Not being a student of constitutional law, I am unaware of any other parts of our Constitution than the FA that provide an umbrella mandate for the government’s guarantee of free speech. There may be and no doubt are other provisions in that document that have been invoked invite/impel government to also enforce free speech rights. If, how, and when the various arms of government continue to guarantee these rights, this election season may become the most important civics lesson of our lifetime.
[16mar16 update] My interpretation of First Amendment’s support of private free speech continues to draw ever more strident opposition in the comment stream, opposition that has now ascended to ex cathedra levels. I have also been advised civilly yet firmly to read up on the amendment, my previous scribblings apparently giving no evidence of that. And all along I thought that I was a student of the pragmatic school of interpreting rights and privileges, and traveled in the good company of outfits like Heritage, Cato, and Founders like Madison. The latter wrote to his fellow legislators – “The people shall not be deprived or abridged of their right to speak, to write, or to publish their sentiments; and the freedom of the press, as one of the great bulwarks of liberty, shall be inviolable.”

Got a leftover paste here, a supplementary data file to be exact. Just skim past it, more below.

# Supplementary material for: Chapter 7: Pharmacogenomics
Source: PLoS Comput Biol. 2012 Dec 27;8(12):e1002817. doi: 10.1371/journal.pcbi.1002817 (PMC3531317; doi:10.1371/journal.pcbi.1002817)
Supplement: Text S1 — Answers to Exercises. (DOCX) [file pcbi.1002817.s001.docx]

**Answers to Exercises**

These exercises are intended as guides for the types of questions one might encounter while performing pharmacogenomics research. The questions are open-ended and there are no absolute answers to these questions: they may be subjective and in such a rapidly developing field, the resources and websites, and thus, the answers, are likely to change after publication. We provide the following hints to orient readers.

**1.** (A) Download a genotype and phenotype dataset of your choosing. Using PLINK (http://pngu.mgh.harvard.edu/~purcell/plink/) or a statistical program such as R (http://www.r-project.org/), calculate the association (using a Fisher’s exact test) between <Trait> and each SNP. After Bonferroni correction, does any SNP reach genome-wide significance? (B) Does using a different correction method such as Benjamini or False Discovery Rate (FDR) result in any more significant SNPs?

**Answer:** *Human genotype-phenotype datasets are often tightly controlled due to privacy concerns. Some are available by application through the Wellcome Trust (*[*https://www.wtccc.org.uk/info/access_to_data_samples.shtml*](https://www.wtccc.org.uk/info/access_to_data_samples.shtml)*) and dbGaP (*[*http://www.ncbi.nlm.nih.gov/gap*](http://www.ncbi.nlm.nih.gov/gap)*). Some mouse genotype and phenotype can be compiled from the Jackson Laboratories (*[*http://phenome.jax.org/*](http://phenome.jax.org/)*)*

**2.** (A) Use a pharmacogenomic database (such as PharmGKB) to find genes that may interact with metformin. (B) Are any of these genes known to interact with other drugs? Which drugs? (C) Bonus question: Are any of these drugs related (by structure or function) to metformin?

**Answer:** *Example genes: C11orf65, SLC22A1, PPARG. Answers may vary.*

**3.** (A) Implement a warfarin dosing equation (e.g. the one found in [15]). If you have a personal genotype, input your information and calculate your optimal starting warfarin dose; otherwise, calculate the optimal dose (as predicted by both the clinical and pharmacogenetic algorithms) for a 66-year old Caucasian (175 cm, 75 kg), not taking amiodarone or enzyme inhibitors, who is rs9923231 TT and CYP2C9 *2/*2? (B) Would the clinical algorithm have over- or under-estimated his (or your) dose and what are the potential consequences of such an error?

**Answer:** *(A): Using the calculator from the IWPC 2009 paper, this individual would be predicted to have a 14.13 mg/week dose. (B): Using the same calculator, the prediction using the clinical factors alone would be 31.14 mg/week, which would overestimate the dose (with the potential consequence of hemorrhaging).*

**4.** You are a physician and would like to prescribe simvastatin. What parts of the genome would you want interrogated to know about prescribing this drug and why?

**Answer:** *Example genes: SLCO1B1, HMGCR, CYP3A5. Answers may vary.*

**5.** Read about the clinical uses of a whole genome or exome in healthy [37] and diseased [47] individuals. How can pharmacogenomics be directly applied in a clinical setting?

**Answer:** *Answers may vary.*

From my ‘Rights and Privileges’ - A RIGHT is a codified permission to do, be, or have that is granted by an agency to its member individuals/agencies who have formed and maintain the granting agency to carry out their collective will in a manner that requires the agency to expend all necessary resources to insure that such granted rights are enjoyed uniformly by all of its franchised members.
The method by which governments (‘granting agencies’) convey and guarantee rights is by forcefully and through force of law act to prevent any third parties from depriving or abridging a person’s ability to do, be, or have what is permitted, and also constraining its own actions in the same manner and to the same degree. Pertaining to rights, anything beyond that is perfidious pabulum. For example, no matter how strongly I abhor Nazi ideology, I cannot deprive or abridge present day Nazis from proselytizing, marching, waving flags, etc in the public fora any more than I can do that to a 4-H club or the parading Shriners. Were I to attempt such interdiction, some law enforcement agency of government would swing into action to thwart me, and depending how I resist, would even kill me to protect such expressions of free speech.